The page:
Dungeons & Dragons Expands Its Line with Three New Releases

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Dungeons & Dragons Expands Its Line with Three New Releases

The past couple months have seen a smattering of new Dungeons & Dragons products, some in a classic mode and one that is decidedly not, and it’s probably the strangest sequence of three things to come out of the tabletop division of Wizards of the Coast in a while.

The most recent, Essentials Kit, is truly excellent. Billed as a sort of sequel or complementary box to the Starter Set for D&D’s 5th Edition, it’s a small cardboard box that contains everything you need to get started with the game. An abbreviated rulebook, some character sheets, one set of dice, a map of the Sword Coast (with a reverse map of a town called Phandalin), some other tchotchkes, and an adventure called Dragon of Icespire Peak are contained in the box. The general idea here is that this is all you would need to begin playing D&D if you just got together with your friends and wanted to get down and dirty with some adventures in a far away fantasy realm.

It’s good! It is very clear that Wizards has thought quite intently about what the bare minimum amount of information and content you can give a new play group is, and the Essentials Kit is basically a limited sandbox for players to explore and figure out what they find compelling in a game of D&D. The adventure has a good mix of different types of dungeons, from the industrial Gnomegarde to the strange Woodland Manse, and while there’s a “main quest” for players to follow, the adventure also contains a number of smaller locales and fleshed-out locations for Dungeon Masters to put in front of players. If you’re getting your feet wet with D&D in 2019, then this is where you’d want to do that.

In the realm of more traditional sourcebooks, Ghosts of Saltmarsh is another recent release from Wizards that gives players a wide array of things to do. Geared at more veteran players, Ghosts is a big book of adventures that take the sea, coves, boats, and ocean creatures as their core. Comprised of seven classic adventures from the game’s past updated for 5th Edition, it runs the gamut of things you might expect: sailors and sea hags and sahuagin and holy hell, that’s right, even aboleths and krakens.

If you’re hankerin’ for boat stuff, this is where you get that boat stuff. I’ve found it very cool to read through, and I especially enjoy the update of the classic “The Sinister Secret of Saltmarsh” adventure that was originally published all the way back in 1981. For whatever reason, the history of “sea adventures” seems a little more mechanically complicated than your average adventure, and it seems like a DM would need to really encourage players in specific ways if they wanted to run these as anything other than dungeon delves with strange enemies not often seen on shore. These are adventures, and they’re good, but they’re good for very specific things. Check ‘em out if you love boats.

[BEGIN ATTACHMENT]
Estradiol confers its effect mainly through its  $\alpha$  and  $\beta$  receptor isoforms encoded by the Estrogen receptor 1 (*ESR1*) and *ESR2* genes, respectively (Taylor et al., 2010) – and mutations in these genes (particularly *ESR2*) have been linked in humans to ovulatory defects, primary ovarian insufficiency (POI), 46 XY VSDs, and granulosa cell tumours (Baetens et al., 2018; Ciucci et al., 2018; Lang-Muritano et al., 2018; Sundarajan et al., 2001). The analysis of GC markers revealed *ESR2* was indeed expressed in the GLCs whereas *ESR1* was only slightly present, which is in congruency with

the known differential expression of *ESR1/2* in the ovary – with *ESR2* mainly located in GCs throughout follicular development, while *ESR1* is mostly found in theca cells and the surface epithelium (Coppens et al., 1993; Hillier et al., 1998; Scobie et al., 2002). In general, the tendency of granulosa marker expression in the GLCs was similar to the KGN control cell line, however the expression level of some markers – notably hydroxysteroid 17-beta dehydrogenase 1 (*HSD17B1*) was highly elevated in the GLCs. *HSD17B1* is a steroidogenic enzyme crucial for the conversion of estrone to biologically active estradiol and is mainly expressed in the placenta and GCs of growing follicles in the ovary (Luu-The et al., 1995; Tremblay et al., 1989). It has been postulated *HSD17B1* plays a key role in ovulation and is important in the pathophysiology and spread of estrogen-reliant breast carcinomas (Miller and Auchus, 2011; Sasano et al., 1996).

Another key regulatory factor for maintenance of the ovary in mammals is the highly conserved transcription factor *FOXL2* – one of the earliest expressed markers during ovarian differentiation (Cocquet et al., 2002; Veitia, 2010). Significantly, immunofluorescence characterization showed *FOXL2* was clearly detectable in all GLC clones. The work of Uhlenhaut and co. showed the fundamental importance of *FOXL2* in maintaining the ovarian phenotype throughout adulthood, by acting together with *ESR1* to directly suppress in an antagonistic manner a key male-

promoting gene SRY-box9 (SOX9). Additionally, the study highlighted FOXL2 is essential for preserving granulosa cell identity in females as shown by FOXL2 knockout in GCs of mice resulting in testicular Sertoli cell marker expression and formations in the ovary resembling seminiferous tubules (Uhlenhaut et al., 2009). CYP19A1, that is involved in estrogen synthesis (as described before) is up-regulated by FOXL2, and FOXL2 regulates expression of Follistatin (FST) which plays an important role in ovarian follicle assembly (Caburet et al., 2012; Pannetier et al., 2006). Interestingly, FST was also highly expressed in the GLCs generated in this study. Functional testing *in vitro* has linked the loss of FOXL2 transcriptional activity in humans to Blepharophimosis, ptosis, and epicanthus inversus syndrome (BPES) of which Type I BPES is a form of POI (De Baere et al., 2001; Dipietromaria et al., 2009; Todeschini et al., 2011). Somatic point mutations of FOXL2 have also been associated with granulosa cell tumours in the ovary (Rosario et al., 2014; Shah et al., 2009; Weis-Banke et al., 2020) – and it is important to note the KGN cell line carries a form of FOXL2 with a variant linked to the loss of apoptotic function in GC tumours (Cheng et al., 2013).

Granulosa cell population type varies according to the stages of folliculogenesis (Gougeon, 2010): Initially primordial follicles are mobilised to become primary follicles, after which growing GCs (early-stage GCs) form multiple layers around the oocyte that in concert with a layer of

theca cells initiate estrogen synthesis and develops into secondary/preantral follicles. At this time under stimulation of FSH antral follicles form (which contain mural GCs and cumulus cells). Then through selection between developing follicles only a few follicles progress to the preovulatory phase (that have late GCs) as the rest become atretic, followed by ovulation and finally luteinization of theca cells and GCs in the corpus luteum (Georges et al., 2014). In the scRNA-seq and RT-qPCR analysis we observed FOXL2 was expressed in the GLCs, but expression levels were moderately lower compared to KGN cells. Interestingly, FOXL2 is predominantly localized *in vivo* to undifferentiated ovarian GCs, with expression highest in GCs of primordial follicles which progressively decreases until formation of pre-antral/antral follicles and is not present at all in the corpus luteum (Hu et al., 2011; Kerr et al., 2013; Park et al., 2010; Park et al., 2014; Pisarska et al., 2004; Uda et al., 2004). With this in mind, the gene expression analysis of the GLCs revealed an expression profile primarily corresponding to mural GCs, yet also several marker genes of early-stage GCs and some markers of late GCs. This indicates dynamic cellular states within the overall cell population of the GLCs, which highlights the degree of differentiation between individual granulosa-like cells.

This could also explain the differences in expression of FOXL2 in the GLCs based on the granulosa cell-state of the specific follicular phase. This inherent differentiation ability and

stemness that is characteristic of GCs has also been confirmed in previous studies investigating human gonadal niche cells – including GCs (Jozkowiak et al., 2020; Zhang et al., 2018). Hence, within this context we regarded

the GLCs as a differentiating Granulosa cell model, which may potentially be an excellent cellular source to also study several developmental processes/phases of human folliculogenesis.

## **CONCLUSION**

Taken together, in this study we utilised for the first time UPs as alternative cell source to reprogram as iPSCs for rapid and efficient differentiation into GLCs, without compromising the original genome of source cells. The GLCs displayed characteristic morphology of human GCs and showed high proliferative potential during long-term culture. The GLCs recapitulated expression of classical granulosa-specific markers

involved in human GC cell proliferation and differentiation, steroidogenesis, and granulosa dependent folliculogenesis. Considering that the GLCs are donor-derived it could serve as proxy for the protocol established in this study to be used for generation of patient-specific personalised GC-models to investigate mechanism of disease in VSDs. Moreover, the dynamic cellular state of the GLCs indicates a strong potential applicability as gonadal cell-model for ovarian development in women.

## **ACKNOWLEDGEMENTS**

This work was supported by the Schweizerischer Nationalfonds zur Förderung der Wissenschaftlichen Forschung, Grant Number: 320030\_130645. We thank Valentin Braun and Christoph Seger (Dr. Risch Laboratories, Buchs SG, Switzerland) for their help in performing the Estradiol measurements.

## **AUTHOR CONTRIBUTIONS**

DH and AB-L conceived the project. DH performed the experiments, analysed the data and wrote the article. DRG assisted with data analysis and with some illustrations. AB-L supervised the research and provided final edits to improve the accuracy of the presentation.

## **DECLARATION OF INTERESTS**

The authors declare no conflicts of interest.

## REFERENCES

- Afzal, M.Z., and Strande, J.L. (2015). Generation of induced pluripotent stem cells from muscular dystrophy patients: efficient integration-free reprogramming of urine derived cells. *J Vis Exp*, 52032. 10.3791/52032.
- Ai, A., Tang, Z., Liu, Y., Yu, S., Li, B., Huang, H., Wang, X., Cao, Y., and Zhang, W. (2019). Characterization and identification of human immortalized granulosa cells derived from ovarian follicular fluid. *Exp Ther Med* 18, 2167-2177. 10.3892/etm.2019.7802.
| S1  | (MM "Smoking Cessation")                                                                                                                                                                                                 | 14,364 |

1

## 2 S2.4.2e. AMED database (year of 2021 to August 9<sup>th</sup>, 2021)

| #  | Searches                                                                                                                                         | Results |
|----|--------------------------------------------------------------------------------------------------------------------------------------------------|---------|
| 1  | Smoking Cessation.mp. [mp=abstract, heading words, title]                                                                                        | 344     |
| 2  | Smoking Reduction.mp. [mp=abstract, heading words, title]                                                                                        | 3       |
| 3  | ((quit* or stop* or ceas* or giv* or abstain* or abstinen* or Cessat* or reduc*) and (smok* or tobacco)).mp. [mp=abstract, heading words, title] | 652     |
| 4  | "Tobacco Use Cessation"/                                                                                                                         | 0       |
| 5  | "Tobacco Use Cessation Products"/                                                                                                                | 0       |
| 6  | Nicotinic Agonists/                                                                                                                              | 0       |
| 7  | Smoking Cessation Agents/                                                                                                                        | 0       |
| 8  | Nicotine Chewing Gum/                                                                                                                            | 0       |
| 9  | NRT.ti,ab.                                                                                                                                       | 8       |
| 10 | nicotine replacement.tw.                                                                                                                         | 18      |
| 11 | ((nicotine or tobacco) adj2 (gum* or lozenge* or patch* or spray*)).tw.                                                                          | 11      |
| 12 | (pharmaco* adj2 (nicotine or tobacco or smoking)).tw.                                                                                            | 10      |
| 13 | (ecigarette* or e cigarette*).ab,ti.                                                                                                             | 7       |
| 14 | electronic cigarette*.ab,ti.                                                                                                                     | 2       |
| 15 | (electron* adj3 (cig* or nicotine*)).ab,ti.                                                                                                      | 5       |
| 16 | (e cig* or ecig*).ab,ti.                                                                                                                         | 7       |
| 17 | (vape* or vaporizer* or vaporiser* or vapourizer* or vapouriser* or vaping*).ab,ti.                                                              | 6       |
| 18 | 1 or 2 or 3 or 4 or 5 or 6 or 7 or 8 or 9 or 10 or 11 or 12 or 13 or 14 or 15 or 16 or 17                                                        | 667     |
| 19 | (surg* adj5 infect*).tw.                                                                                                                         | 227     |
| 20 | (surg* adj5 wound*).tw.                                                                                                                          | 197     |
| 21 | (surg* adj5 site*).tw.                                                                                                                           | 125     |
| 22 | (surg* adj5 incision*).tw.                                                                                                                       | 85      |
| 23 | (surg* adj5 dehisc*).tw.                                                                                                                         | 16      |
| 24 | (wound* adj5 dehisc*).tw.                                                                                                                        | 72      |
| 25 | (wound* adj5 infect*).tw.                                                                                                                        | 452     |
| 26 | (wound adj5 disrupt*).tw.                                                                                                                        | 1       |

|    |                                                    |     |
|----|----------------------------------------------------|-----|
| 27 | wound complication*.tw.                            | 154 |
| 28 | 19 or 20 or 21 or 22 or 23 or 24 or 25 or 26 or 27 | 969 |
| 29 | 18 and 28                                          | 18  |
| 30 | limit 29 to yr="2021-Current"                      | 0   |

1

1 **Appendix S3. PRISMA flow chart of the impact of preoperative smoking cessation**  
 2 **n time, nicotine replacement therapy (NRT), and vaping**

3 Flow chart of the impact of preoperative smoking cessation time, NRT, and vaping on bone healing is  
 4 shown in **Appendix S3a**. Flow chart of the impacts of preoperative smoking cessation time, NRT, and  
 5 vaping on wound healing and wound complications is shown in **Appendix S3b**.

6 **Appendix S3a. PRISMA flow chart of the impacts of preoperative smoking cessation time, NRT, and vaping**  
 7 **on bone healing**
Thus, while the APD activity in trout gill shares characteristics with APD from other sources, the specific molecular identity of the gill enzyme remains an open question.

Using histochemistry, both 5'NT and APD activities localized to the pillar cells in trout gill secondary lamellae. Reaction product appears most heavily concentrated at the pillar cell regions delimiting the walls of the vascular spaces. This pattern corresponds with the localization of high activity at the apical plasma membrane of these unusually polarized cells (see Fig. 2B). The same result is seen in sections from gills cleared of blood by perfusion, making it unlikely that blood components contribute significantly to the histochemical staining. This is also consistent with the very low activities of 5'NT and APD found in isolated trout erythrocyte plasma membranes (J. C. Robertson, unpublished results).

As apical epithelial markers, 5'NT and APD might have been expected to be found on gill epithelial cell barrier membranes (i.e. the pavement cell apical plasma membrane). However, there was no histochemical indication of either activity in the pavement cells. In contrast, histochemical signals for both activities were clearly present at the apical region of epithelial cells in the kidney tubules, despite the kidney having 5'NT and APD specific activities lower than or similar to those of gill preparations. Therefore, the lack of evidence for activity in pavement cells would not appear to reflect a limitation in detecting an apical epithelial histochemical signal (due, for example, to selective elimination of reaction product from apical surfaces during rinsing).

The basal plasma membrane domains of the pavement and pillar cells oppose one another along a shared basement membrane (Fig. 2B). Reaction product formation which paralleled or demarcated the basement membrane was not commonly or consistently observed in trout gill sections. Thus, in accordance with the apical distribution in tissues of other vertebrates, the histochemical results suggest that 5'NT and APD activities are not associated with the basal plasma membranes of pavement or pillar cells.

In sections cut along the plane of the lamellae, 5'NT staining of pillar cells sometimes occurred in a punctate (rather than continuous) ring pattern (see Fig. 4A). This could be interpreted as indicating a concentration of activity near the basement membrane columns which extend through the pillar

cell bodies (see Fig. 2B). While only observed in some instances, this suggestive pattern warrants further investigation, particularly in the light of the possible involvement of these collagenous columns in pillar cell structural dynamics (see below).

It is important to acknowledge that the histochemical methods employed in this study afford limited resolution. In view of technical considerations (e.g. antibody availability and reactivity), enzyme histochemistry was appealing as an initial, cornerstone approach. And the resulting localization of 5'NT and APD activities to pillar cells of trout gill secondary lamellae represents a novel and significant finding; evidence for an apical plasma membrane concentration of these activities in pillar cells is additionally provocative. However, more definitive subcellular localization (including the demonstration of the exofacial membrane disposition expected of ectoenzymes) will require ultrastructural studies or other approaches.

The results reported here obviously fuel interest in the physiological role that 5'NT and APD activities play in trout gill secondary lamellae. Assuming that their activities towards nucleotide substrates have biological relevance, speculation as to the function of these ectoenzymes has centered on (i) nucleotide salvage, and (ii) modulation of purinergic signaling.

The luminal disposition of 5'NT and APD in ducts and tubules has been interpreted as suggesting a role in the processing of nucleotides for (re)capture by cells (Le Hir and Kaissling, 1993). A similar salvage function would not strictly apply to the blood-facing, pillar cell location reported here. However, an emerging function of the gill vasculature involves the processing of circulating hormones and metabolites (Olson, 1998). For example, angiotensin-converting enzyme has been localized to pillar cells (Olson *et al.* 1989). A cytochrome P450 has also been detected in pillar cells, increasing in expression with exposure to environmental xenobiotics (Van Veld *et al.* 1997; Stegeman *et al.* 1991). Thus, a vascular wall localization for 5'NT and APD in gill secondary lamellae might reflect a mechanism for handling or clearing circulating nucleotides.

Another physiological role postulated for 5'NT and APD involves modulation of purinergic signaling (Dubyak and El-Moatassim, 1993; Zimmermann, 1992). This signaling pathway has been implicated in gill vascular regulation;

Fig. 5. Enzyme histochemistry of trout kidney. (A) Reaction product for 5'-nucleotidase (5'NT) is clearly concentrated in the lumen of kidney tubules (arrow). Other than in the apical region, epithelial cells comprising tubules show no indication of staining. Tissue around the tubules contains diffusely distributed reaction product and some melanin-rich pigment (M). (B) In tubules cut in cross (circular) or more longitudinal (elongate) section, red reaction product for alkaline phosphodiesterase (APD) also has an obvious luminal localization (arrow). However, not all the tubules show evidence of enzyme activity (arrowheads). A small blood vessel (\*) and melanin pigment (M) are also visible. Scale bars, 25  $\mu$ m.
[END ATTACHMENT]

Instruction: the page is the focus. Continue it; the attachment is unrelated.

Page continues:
The most recent sourcebook is a little stranger than even murderous sea creatures. The people behind Penny Arcade (yes, the webcomic) have been running an elaborate D&D game for the past several years that features multiple teams of people running franchises of artifact collection agencies and adventuring groups and what have you. I’ll be honest, I’m not a fan of Penny Arcade, and despite having a road map of what this show is apparently about in the book, I’m still a little confused. The sourcebook, Acquisitions Incorporated, is all about letting you, the players, get into shenanigans using the world and concepts and items and monsters of this Penny Arcade-allied thing.

What’s so strange about it is that this almost feels like a Star Wars supplement for D&D: there are a lot of characters and a lot of plot points that are written for pre-existing fans, and it is unclear to me what is in this book for people who are not already invested in the product. As someone casually interested in any new official D&D content, even if it is just stuff that I can pull out for myself, I am pretty disappointed in this product. The one bright spot is that it has interesting rules for running franchises of an organization, with “levels” that provide different additional effects for party members (someone can be a map maker, for example, and there’s a progression for that).

This has been a really interesting season for Dungeons & Dragons releases, but I’d be incredibly disappointed if niche products like Acquisitions Incorporated became a regular product (the fall will see the release of an official Rick & Morty product that I’m also curious, in a downer way, about). More products that make D&D accessible to more people is great, though, and there’s always a benefit for more adventures being added to the DM’s quiver. But here’s hoping that it’s more adventures from the brilliant designers at D&D and fewer products that feel like those weird McDonalds movie tie-in cups from the ‘90s.

Cameron Kunzelman tweets at @ckunzelman. He is the Editor at Large for Paste Games.

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